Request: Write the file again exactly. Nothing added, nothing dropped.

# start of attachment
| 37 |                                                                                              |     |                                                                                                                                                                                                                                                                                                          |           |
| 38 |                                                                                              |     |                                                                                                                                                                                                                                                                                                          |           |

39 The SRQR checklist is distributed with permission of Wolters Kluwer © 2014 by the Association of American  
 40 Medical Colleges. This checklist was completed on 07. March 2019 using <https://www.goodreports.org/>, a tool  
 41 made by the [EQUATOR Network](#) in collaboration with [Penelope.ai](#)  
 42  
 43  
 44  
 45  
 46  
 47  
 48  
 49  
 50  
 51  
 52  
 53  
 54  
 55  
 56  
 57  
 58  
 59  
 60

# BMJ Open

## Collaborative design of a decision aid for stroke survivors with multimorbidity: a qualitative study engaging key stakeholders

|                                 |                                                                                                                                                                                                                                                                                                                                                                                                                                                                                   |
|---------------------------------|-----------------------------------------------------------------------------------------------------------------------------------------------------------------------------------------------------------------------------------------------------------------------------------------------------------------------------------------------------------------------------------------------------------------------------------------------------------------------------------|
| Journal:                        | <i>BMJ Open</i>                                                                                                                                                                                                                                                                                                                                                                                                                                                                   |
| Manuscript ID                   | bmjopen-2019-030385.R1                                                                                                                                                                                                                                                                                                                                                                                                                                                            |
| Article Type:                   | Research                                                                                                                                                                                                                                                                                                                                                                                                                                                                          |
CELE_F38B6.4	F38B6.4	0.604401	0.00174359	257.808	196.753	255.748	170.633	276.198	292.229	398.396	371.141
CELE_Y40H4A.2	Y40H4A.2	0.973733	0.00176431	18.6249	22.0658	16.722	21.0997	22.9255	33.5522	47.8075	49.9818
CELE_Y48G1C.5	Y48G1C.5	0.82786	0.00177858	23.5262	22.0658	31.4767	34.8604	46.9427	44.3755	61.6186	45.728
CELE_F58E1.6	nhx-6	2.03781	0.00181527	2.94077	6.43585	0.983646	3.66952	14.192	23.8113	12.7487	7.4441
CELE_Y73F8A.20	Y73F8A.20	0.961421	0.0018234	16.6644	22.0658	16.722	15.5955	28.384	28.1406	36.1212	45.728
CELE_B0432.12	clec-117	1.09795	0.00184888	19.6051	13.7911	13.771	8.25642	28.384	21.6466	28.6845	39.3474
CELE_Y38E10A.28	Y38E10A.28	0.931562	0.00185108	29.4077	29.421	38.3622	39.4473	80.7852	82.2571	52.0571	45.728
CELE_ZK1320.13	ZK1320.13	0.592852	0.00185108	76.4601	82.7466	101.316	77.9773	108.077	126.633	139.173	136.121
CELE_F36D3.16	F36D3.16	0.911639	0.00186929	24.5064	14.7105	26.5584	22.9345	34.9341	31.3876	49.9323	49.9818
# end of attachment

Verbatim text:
| 37 |                                                                                              |     |                                                                                                                                                                                                                                                                                                          |           |
| 38 |                                                                                              |     |                                                                                                                                                                                                                                                                                                          |           |

39 The SRQR checklist is distributed with permission of Wolters Kluwer © 2014 by the Association of American  
 40 Medical Colleges. This checklist was completed on 07. March 2019 using <https://www.goodreports.org/>, a tool  
 41 made by the [EQUATOR Network](#) in collaboration with [Penelope.ai](#)  
 42  
 43  
 44  
 45  
 46  
 47  
 48  
 49  
 50  
 51  
 52  
 53  
 54  
 55  
 56  
 57  
 58  
 59  
 60

# BMJ Open

## Collaborative design of a decision aid for stroke survivors with multimorbidity: a qualitative study engaging key stakeholders

|                                 |                                                                                                                                                                                                                                                                                                                                                                                                                                                                                   |
|---------------------------------|-----------------------------------------------------------------------------------------------------------------------------------------------------------------------------------------------------------------------------------------------------------------------------------------------------------------------------------------------------------------------------------------------------------------------------------------------------------------------------------|
| Journal:                        | <i>BMJ Open</i>                                                                                                                                                                                                                                                                                                                                                                                                                                                                   |
| Manuscript ID                   | bmjopen-2019-030385.R1                                                                                                                                                                                                                                                                                                                                                                                                                                                            |
| Article Type:                   | Research                                                                                                                                                                                                                                                                                                                                                                                                                                                                          |
CELE_F38B6.4	F38B6.4	0.604401	0.00174359	257.808	196.753	255.748	170.633	276.198	292.229	398.396	371.141
CELE_Y40H4A.2	Y40H4A.2	0.973733	0.00176431	18.6249	22.0658	16.722	21.0997	22.9255	33.5522	47.8075	49.9818
CELE_Y48G1C.5	Y48G1C.5	0.82786	0.00177858	23.5262	22.0658	31.4767	34.8604	46.9427	44.3755	61.6186	45.728
CELE_F58E1.6	nhx-6	2.03781	0.00181527	2.94077	6.43585	0.983646	3.66952	14.192	23.8113	12.7487	7.4441
CELE_Y73F8A.20	Y73F8A.20	0.961421	0.0018234	16.6644	22.0658	16.722	15.5955	28.384	28.1406	36.1212	45.728
CELE_B0432.12	clec-117	1.09795	0.00184888	19.6051	13.7911	13.771	8.25642	28.384	21.6466	28.6845	39.3474
CELE_Y38E10A.28	Y38E10A.28	0.931562	0.00185108	29.4077	29.421	38.3622	39.4473	80.7852	82.2571	52.0571	45.728
CELE_ZK1320.13	ZK1320.13	0.592852	0.00185108	76.4601	82.7466	101.316	77.9773	108.077	126.633	139.173	136.121
CELE_F36D3.16	F36D3.16	0.911639	0.00186929	24.5064	14.7105	26.5584	22.9345	34.9341	31.3876	49.9323	49.9818